Atttorney Scott Samlin once saw a vendor’s limousine pull up outside a mortgage company’s office and whisk away several employees to a hockey game.
“Pick your vendors because they’re better, faster, and cheaper—not because they can get you good tickets,” Samlin told mortgage executives recently. “If regulators feel like you’re letting third parties do things they shouldn’t, the fines are going to be hefty.”
Many organizations maintain strict gift policies, but Samlin’s caution is only the beginning of the vendor management challenge for the mortgage business. He and fellow speakers at a session at the Mortgage Bankers Association’s recent annual convention had a message for mortgage firms:
“Regulators view vendors as an extension of lenders, so you are responsible for their compliance and the security of the data you provide them.”
Handling this challenge requires many efforts, from spelling out vendor responsibilities to being sure that vendor relations have a “home” within your company to making sure that vendor policies and practices involving your company’s clients reflect your organization’s own.
Finding the regulatory lines
Samlin, partner at Alston & Bird LLP, said servicing regulations are now massive, with vendors under more scrutiny than ever; yet there are no specific instructions on how to handle those relationships. CFPB Bulletin 2012-03 addressing the topic was very short on detail, Samlin said.
“Your best starting place would be OCC Bulletin 2013-29,” Samlin advised. “That’s a much more detailed set of guidelines to evaluate different types of service providers.”
Making sure vendors follow through
Due diligence is necessary when selecting third-party providers, as well as continued oversight. Among Samlin’s recommendations:
1. Visit your vendor onsite.
“Make sure they’re shredding documents like they said they would, that they haven’t hired a temp who’s photocopying Social Security numbers, that their dumpster actually is secure,” he advised.
2. Track the licenses of people with whom you do business.
“If a mortgage broker sends you a loan, and they don’t have a license in that state, you need to know that.”
3. Check for litigation against any prospective vendors.
4. Monitor their calls.
“I can’t harp on this enough,” Samlin said. “Any vendor you have who can call consumers in your name, you’d better be able to monitor those calls. Be able to do it remotely. You have to be able to listen the same way the CFPB is listening.”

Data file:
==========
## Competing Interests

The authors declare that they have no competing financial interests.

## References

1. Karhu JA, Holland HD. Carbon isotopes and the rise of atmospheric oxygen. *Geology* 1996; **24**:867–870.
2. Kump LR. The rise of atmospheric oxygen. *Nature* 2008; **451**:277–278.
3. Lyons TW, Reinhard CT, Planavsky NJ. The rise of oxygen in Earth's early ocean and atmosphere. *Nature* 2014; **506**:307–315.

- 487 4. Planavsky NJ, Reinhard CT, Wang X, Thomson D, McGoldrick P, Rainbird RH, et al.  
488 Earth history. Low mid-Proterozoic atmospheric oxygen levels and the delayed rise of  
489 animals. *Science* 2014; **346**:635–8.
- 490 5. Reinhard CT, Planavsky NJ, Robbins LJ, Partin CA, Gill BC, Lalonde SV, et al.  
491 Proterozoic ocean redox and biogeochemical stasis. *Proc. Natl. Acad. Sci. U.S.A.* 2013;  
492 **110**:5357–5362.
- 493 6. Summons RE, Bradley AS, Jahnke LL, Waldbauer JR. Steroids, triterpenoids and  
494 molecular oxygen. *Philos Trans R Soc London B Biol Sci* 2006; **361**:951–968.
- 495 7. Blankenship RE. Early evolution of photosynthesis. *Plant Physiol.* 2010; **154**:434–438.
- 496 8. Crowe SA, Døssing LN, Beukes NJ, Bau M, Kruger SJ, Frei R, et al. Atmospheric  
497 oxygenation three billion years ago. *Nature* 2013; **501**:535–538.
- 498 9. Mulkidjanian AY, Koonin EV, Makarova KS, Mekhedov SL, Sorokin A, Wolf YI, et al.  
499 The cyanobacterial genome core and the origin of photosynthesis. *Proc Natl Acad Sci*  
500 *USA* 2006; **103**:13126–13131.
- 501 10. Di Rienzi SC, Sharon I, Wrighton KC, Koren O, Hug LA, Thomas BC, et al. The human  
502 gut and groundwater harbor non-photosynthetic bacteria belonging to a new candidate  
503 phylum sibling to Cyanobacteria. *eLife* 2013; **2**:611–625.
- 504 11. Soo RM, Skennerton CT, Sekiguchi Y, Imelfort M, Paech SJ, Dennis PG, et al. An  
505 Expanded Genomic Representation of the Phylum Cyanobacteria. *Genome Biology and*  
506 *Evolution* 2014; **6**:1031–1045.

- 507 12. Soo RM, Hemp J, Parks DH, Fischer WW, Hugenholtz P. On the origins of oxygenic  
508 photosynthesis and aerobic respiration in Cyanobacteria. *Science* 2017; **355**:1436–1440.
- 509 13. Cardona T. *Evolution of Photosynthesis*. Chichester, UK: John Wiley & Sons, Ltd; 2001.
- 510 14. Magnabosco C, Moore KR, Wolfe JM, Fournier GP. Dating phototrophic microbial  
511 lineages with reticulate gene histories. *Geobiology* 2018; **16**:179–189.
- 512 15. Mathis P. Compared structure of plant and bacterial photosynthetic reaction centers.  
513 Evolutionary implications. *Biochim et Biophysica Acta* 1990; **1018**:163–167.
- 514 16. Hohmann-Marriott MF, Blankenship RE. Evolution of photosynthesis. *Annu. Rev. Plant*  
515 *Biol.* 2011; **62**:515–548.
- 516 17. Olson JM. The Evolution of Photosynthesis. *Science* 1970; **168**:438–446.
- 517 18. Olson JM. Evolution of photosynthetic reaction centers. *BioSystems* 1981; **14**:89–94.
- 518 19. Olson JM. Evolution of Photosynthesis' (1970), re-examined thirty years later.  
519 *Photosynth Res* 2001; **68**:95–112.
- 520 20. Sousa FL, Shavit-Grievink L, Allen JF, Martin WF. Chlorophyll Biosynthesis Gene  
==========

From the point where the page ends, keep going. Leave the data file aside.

Put it in writing
Ravi Ramanathan, CEO of Decision Ready Solutions, said the most important part of overseeing vendor relationships is to document your actions.
“If you think their onsite security is weak, you have to show that you took action to make the process better,” advised Ramanathan. He recommended using electronic tracking to be sure your messages are received.
“It’s easy to send email to 500 closing agents, but you have to know they got it. It’s not enough to do the right thing,” said Ramanathan. “You have to be able to show you did the right thing.”
As president and CEO of RML Investments, Regina Lowrie advises clients to make sure their contracts with vendors are clear: How will they handle any breaches? What is their disaster recovery plan? What are their IT security policies?
Most crucial is how they handle customer complaints.
“CFPB is concerned about how subservicers treat your clients,” Lowrie said. “How they handle customer complaints is critical because CFPB holds you accountable.”
Lowrie said one of the biggest challenges she sees is that often there’s no one in a company who “owns” vendor management. Be sure you have a comprehensive list of your vendors, she said. Also be aware that some of your servicers may subcontract, and you’re responsible for the actions of those vendors as well.
“As master servicer it becomes difficult to keep an eye on that,” said Lowrie—but it’s necessary.
Bill Maguire, vice-president of Servicer Relationship Management at Freddie Mac, warned lenders to be sure third-party servicers “are financially and operationally sound. Throwing loans over the fence and saying, ‘The subservicer should do all the reporting’ isn’t enough. You have to always watch and monitor.”